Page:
There’s a row of chairs outside Principal Marsha Guerrero’s office, and if you’re a student at Morrison Elementary School on the outskirts of Los Angeles, it’s not where you want to be. But week after week, that’s exactly where ten-year-old Andres often found himself.
The fourth-grader’s disciplinary problems were nothing special, says Guerrero, a twenty-year veteran as an elementary school principal. “He just needed to find something positive to belong to.”
So when Andres, out of the blue, told her he wanted to play the violin like the kids in another class, the principal quickly agreed. That was months ago. Guerrero hasn’t seen Andres in the chairs since.
For Joe Landon, the policy director of the California Alliance for Arts Education, a Hewlett Foundation grantee, Morrison Elementary and the story of Andres is a case study in the promise of arts education. The California Alliance-a broad coalition of statewide agencies, arts organizations, public schools, businesses, and individuals-works to encourage instruction in a full range of the arts for every K-12 student in California, in accordance with state guidelines.
Embracing the Arts
While researchers explore the connections between study of the arts and other learning, and state policymakers weigh the relative merits of learning the arts, math, English, and other subjects, Guerrero and her staff already have steered their population of largely low-income, immigrant students to view the arts as an integral part of their education.
“What drew me to Morrison was their commitment to the arts as core curriculum,” says Landon. “They understand that through the arts they are empowering their kids to be successful learners and citizens. It requires a real stand on the part of Guerrero to commit the time, funds, and resources for professional development to make it happen.”
The California Alliance promotes a comprehensive, sequential in-school program taught by credentialed teachers and designed to meet the state’s guidelines for teaching visual and performing arts. Those guidelines call for four broad disciplines-dance, music, theater, and visual arts-to be integrated into public school curricula and taught in the same way as other subjects, with progressive levels of mastery and later learning building upon what already has been taught.
Stories like those unfolding at Morrison Elementary are the kind the California Alliance shares as it works to reintegrate arts education in public schools after years of cuts and neglect.
For Landon, Principal Guerrero’s commitment to arts education was neatly summarized by a Chinese proverb on the wall of her office: “A bird does not sing because it has an answer. It sings because it has a song.” Put another way, Guerrero believes that the arts are not an extra that you add onto the school day, but an essential part of the “song” that every child sings.
An Intuitive Understanding
In the Norwalk-La Mirada Unified School District, the home of Morrison Elementary, 75 percent of the students come from low-income families, and 35 percent are just learning to speak English. Parents’ expectations about the importance of education run high.
With so much on the line, it might surprise some that Guerrero invests so much instructional time, resources, and leadership to ensure that her students receive quality arts education. “I call it ‘faith-based’ education,” says Guerrero. “The parents get it. Even though it’s a dormant belief, they know what’s good for their kids.”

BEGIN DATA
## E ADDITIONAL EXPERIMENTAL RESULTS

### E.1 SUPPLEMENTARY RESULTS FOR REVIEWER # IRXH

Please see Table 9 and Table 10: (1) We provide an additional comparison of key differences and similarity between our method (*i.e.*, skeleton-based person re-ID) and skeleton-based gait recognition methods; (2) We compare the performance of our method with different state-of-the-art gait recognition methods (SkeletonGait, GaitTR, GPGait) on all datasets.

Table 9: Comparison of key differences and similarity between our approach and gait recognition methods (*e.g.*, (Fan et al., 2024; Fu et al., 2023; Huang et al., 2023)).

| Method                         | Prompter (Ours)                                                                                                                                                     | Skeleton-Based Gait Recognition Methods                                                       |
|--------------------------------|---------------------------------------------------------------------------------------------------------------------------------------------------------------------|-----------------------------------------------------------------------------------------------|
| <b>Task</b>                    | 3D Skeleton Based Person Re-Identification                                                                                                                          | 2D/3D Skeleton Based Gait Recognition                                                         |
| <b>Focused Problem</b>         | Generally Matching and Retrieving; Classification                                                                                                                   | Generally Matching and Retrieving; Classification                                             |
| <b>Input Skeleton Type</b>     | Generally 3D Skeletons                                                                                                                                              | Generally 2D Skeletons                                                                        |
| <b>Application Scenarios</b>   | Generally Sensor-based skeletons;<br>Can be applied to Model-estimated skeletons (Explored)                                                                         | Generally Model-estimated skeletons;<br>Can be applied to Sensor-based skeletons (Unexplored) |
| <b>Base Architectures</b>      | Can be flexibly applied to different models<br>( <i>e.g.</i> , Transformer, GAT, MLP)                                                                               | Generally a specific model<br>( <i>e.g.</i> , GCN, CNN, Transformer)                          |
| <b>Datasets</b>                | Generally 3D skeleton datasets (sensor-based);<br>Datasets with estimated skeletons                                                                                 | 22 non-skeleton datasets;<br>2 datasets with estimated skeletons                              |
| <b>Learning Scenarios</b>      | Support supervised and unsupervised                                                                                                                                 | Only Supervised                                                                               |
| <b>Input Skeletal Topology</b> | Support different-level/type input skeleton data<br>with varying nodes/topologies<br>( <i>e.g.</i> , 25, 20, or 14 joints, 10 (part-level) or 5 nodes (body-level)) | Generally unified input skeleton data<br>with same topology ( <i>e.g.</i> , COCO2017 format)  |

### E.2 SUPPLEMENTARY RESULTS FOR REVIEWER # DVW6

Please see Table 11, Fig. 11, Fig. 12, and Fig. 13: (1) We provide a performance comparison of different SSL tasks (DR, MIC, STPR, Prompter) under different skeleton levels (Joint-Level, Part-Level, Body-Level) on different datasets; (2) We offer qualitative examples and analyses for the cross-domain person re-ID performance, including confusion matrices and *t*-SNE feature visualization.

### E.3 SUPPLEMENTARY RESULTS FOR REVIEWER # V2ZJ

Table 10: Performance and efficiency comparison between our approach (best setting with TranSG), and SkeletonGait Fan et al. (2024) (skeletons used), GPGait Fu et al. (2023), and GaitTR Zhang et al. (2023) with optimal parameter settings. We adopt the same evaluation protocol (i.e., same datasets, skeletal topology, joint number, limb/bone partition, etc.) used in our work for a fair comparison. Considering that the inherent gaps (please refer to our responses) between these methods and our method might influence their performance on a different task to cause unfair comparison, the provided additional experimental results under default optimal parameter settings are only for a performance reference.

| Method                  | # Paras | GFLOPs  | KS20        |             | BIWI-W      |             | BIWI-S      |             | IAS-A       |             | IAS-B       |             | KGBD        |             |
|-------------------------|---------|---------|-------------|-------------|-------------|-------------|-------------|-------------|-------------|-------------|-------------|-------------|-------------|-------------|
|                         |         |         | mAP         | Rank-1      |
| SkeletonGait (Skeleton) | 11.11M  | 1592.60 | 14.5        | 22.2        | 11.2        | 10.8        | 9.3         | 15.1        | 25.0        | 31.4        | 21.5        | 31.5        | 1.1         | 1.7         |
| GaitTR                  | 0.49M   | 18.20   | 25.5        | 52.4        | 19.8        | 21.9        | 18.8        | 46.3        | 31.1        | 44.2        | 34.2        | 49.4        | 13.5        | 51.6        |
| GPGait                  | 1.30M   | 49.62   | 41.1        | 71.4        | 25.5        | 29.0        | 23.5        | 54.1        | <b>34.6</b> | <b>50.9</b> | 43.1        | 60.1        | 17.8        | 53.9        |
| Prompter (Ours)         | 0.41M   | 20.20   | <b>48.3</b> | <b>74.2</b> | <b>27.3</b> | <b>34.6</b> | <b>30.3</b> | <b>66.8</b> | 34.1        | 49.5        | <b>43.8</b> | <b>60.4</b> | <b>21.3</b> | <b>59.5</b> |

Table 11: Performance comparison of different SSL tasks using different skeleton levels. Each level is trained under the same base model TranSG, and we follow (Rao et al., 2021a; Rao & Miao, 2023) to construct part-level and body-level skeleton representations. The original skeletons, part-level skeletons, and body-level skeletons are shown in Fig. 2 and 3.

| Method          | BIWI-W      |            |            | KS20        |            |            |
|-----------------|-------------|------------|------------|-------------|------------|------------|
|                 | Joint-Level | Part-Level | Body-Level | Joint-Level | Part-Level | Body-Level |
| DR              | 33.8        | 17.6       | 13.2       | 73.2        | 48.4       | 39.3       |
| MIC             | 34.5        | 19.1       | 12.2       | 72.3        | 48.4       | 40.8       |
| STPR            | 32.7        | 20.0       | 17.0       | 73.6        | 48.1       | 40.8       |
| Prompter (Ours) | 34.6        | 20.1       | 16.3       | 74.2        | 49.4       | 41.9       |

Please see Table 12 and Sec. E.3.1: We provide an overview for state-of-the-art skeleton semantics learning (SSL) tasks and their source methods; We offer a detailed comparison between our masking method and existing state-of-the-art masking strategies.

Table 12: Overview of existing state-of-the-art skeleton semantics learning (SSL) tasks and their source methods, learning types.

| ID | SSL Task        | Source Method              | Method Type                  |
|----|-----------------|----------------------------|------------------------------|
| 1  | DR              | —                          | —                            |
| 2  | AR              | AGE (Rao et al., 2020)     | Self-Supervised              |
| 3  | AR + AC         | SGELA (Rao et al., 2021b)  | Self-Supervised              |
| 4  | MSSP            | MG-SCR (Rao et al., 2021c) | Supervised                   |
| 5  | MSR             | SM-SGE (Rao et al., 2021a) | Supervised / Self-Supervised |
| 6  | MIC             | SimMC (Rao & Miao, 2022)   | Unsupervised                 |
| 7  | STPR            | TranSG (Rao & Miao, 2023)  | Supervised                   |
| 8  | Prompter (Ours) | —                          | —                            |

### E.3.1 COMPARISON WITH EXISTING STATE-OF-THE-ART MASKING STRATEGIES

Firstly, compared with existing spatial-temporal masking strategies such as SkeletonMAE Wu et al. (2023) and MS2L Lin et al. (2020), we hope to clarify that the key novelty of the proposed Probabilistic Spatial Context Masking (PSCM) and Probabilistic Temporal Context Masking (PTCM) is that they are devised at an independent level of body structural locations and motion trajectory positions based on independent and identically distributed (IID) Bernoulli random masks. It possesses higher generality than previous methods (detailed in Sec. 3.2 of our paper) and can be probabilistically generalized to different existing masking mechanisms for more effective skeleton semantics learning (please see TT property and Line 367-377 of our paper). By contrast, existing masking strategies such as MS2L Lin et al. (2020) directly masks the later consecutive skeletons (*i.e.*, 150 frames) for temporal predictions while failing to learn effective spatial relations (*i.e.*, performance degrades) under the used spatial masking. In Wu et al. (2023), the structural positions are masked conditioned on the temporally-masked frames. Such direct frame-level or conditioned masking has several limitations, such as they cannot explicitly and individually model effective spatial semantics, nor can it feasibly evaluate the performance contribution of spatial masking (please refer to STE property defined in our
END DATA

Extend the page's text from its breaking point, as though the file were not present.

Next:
While most schools are moving cautiously to seek ways to include the arts within their curricula, this fall the music program at Morrison Elementary has expanded to include every student in standards-based music instruction. Partnering with the Los Angeles Music Center, which provides professional musicians who teach, and the Music and Education National Consortium, which provides professional development, Morrison is an example of what can happen when a principal becomes engaged with what arts education has to offer.
“I’m not musical,” Guerrero says matter-of-factly. “The only instrument I play is the radio.”
Putting Together the Pieces
But her experience as an adult learning to speak a second language changed her mind about the role of music as a “carrier of language”: “I was singing in Spanish before I could speak it.” The discovery led her to explore the connection between music and the instruction of math and reading, which has now expanded to include its impact on social/emotional development and basic learning processes.
“My kids are learning systematically through music, in a way that informs everything they do,” she says. “Through instruction in music, they learn to listen, to question, to create, to perform, and to reflect on what they’ve learned.”
Guerrero says there’s a “hidden curriculum” to arts education that teaches responsibility and concentration.
“When children are involved in learning music, they also learn a lesson about focusing,” she says. “You can’t play music if your attention is somewhere else. You have to be 100 percent involved in the task at hand. If we can teach this skill through the arts, then we hopefully can transfer it to the children when they’re reading and doing other tasks.”
Guerrero talks about arts education in terms of the assets it builds in students that will enable them to succeed in their lives: self-esteem, perseverance, respect for others, the capacities to lead, collaborate, and self-critique.
But ask Andres why he doesn’t get sent to Mrs. Guerrero’s office anymore, and he responds with a look that makes you wonder why you bothered asking the question when the answer’s so obvious.
“I got responsible for my violin,” says Andres, gesturing to the instrument, “and that got me responsible for myself.”